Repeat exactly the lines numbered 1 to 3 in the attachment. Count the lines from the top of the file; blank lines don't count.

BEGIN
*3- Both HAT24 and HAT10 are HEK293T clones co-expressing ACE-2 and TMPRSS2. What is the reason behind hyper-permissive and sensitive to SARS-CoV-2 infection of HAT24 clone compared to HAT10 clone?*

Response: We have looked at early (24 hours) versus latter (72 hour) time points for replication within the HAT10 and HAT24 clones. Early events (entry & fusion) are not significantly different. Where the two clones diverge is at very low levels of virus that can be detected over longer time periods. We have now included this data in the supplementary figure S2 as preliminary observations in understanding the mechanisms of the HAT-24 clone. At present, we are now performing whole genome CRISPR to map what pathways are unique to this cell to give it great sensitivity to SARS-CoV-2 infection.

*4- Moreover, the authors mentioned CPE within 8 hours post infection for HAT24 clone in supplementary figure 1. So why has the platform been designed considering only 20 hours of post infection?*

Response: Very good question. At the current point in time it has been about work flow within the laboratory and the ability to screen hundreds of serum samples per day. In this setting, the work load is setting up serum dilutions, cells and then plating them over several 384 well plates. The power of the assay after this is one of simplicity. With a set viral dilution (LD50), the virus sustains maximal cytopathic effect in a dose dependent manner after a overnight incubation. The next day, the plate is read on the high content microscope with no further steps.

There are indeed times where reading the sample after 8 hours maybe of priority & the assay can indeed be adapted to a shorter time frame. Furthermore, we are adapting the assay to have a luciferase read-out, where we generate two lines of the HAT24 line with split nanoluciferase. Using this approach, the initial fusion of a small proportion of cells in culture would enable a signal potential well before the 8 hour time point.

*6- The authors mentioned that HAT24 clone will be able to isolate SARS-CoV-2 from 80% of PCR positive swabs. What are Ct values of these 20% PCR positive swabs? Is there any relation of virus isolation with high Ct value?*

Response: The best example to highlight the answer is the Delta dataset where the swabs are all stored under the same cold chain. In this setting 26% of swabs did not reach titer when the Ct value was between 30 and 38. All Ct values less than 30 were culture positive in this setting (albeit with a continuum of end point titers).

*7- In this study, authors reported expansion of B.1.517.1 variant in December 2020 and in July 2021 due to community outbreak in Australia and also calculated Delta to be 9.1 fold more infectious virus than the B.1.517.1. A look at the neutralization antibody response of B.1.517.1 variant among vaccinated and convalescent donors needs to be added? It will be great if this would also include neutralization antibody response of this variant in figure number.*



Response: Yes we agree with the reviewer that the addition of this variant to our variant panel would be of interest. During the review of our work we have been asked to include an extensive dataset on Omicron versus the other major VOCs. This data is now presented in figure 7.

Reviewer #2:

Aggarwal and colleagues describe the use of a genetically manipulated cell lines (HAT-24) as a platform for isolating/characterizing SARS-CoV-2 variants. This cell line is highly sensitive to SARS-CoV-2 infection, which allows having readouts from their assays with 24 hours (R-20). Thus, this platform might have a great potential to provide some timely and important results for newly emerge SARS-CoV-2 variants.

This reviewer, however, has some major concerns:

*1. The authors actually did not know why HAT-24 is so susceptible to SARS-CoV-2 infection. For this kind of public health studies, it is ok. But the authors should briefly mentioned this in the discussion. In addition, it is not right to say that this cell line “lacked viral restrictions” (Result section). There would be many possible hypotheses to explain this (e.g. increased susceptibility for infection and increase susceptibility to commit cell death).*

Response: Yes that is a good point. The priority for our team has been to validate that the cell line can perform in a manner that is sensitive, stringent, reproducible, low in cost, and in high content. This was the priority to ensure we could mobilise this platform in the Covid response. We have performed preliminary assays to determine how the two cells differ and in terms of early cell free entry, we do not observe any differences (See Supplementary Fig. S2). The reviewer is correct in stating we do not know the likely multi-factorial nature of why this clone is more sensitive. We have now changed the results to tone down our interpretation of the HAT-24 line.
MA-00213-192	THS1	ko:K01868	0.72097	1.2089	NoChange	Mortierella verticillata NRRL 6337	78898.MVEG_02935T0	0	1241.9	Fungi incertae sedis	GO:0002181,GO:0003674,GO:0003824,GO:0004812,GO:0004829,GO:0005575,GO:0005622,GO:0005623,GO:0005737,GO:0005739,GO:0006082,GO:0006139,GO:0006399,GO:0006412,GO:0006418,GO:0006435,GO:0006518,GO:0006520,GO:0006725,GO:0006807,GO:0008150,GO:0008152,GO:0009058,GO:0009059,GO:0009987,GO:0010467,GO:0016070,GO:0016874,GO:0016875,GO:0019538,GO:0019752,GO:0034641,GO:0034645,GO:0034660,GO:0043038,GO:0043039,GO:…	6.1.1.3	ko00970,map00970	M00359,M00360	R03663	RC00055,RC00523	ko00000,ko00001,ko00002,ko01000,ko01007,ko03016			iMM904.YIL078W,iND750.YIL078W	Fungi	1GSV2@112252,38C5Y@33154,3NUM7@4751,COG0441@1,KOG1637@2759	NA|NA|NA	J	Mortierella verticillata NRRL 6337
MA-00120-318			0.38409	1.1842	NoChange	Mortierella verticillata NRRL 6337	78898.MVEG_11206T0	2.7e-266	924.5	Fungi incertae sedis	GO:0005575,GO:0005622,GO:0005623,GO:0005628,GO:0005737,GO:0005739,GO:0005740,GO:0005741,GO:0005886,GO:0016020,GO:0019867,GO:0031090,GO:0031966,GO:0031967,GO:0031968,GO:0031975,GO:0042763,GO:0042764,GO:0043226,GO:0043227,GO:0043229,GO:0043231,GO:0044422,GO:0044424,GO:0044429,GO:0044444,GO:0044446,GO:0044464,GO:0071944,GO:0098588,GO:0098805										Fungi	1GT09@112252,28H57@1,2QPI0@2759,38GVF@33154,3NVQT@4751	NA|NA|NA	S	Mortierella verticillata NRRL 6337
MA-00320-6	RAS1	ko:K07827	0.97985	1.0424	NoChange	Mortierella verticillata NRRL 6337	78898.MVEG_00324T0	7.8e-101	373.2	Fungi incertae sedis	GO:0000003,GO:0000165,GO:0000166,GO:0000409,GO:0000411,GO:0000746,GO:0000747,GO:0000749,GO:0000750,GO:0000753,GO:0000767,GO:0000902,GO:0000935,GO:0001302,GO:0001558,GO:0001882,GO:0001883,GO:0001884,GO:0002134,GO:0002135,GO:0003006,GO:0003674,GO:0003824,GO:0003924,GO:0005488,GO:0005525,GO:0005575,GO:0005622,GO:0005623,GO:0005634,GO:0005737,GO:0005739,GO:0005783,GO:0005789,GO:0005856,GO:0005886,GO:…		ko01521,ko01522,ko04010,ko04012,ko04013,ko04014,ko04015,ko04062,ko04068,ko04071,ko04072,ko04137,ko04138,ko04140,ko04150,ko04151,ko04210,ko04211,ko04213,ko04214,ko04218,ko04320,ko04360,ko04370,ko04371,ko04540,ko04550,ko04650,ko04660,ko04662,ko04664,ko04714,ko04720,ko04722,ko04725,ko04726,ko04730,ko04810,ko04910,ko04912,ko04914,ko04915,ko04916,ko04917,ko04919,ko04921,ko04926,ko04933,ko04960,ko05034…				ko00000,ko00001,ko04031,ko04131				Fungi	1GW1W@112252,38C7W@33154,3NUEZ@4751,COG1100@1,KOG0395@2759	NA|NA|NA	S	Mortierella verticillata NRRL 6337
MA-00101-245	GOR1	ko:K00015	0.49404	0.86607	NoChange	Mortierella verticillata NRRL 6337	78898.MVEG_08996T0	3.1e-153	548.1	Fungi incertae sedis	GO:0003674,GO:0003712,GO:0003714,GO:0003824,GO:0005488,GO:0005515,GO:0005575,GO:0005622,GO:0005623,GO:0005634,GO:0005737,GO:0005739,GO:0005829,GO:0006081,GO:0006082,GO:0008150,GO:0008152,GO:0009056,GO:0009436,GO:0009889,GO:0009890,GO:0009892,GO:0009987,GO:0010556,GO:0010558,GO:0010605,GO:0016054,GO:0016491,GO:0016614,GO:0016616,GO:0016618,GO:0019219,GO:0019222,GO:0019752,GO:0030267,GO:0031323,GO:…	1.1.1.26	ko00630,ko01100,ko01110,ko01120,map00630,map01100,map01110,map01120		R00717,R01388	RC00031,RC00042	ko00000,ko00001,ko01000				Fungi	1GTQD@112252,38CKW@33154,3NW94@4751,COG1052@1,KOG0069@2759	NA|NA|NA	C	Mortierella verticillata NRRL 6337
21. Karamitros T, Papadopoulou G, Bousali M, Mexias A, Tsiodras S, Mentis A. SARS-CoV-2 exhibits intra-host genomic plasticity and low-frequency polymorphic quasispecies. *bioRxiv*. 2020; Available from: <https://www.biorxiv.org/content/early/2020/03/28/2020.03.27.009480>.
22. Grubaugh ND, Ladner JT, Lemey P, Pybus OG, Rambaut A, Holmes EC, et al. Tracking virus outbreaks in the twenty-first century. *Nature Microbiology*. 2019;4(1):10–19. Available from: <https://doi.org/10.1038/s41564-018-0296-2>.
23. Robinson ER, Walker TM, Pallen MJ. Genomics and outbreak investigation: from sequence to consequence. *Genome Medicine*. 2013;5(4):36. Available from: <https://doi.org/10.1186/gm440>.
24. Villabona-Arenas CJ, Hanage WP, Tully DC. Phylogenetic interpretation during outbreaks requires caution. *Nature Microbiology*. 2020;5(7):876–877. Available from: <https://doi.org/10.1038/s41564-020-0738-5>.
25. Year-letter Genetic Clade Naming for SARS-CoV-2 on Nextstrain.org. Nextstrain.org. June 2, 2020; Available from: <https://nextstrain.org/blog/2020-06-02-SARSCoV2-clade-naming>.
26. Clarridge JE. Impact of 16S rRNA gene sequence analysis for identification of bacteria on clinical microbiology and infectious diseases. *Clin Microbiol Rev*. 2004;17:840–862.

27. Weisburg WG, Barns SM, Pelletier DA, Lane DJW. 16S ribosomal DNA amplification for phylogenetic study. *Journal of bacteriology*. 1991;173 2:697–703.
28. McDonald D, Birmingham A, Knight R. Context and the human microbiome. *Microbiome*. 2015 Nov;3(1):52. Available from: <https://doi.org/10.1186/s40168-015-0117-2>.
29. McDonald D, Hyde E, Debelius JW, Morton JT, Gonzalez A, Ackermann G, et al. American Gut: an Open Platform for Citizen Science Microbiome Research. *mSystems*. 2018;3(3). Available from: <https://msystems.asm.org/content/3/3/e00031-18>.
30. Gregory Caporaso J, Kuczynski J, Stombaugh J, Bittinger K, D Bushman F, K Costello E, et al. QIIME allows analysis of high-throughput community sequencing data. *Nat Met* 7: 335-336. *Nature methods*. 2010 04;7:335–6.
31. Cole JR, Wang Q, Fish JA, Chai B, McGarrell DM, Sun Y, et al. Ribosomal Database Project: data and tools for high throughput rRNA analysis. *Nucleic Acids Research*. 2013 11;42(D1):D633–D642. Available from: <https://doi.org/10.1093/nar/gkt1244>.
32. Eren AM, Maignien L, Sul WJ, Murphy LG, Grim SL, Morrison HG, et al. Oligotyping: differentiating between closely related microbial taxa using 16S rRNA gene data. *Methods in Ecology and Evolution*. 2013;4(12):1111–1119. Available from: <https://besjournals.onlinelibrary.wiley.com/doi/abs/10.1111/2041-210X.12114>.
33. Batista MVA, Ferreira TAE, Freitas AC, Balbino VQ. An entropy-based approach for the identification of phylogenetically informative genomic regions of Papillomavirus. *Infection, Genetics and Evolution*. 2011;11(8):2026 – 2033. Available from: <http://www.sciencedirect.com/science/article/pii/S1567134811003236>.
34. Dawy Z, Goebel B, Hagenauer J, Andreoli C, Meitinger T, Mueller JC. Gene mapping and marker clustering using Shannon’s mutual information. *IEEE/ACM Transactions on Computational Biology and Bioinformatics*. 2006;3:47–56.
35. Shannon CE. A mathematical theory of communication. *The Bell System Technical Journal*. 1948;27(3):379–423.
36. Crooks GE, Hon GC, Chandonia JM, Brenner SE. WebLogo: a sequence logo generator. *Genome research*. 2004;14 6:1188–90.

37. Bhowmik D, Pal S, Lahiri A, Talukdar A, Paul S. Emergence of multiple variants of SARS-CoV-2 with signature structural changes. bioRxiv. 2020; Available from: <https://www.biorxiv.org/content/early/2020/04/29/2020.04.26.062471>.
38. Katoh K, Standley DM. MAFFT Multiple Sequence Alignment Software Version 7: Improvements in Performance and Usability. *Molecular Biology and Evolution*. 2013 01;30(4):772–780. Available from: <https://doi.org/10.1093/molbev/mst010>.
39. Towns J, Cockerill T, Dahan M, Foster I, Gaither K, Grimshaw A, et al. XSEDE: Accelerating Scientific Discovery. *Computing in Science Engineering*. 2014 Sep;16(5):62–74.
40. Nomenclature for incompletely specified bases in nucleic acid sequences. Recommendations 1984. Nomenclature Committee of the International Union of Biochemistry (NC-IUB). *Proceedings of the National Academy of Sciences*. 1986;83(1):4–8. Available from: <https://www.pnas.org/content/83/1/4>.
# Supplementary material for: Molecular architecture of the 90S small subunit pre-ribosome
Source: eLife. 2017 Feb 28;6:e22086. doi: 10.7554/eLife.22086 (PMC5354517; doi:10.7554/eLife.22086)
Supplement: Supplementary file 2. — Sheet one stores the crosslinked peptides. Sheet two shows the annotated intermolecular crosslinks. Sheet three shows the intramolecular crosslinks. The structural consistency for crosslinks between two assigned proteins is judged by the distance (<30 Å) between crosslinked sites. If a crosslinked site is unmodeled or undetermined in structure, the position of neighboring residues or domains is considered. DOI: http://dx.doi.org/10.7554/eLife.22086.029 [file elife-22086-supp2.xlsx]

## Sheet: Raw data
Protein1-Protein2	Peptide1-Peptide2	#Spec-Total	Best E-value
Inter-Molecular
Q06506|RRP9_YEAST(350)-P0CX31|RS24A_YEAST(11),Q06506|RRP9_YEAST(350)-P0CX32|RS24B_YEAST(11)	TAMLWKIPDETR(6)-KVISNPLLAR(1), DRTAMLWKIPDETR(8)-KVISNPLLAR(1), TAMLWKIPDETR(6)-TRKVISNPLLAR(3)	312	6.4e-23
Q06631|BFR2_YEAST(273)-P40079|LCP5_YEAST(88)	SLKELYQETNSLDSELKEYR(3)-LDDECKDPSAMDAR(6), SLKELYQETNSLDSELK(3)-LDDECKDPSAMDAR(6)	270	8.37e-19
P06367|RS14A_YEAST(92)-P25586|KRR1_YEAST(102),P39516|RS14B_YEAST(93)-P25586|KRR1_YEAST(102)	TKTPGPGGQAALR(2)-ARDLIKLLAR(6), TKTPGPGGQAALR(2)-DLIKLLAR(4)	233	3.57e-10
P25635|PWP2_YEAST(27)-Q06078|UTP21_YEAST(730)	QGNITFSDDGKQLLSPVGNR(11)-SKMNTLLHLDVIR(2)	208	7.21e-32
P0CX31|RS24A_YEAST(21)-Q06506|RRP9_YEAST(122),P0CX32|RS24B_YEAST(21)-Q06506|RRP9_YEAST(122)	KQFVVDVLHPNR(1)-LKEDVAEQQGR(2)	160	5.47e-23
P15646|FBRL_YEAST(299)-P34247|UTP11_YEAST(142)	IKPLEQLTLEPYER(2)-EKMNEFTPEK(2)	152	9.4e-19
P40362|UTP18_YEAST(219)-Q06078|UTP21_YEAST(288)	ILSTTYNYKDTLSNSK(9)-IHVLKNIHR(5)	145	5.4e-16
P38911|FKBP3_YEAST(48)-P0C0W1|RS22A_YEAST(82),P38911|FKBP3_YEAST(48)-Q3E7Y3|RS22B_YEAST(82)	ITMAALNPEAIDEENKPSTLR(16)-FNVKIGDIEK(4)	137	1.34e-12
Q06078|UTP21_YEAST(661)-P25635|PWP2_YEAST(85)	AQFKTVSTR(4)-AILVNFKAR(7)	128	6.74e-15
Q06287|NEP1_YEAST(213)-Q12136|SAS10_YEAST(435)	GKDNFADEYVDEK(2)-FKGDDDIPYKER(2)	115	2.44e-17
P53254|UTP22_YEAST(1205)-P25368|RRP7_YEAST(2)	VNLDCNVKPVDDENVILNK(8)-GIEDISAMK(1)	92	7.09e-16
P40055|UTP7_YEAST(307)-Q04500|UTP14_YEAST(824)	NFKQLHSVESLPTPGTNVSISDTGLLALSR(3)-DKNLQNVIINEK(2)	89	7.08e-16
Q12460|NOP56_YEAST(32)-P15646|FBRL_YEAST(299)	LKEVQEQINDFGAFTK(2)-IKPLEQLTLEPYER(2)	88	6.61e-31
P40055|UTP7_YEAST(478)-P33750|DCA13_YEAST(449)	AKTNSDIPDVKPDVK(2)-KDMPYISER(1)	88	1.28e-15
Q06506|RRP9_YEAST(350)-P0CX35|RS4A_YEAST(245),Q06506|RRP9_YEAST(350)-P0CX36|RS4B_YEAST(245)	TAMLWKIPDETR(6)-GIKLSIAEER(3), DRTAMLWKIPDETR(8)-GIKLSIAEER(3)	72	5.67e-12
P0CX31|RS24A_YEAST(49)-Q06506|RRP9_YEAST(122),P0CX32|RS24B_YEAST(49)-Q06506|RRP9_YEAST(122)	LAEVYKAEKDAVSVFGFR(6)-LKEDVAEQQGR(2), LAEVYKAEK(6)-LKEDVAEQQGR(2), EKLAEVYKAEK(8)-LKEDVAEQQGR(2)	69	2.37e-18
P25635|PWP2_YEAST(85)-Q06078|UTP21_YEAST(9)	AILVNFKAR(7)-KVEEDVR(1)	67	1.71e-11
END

*3- Both HAT24 and HAT10 are HEK293T clones co-expressing ACE-2 and TMPRSS2. What is the reason behind hyper-permissive and sensitive to SARS-CoV-2 infection of HAT24 clone compared to HAT10 clone?*

Response: We have looked at early (24 hours) versus latter (72 hour) time points for replication within the HAT10 and HAT24 clones. Early events (entry & fusion) are not significantly different. Where the two clones diverge is at very low levels of virus that can be detected over longer time periods. We have now included this data in the supplementary figure S2 as preliminary observations in understanding the mechanisms of the HAT-24 clone. At present, we are now performing whole genome CRISPR to map what pathways are unique to this cell to give it great sensitivity to SARS-CoV-2 infection.

*4- Moreover, the authors mentioned CPE within 8 hours post infection for HAT24 clone in supplementary figure 1. So why has the platform been designed considering only 20 hours of post infection?*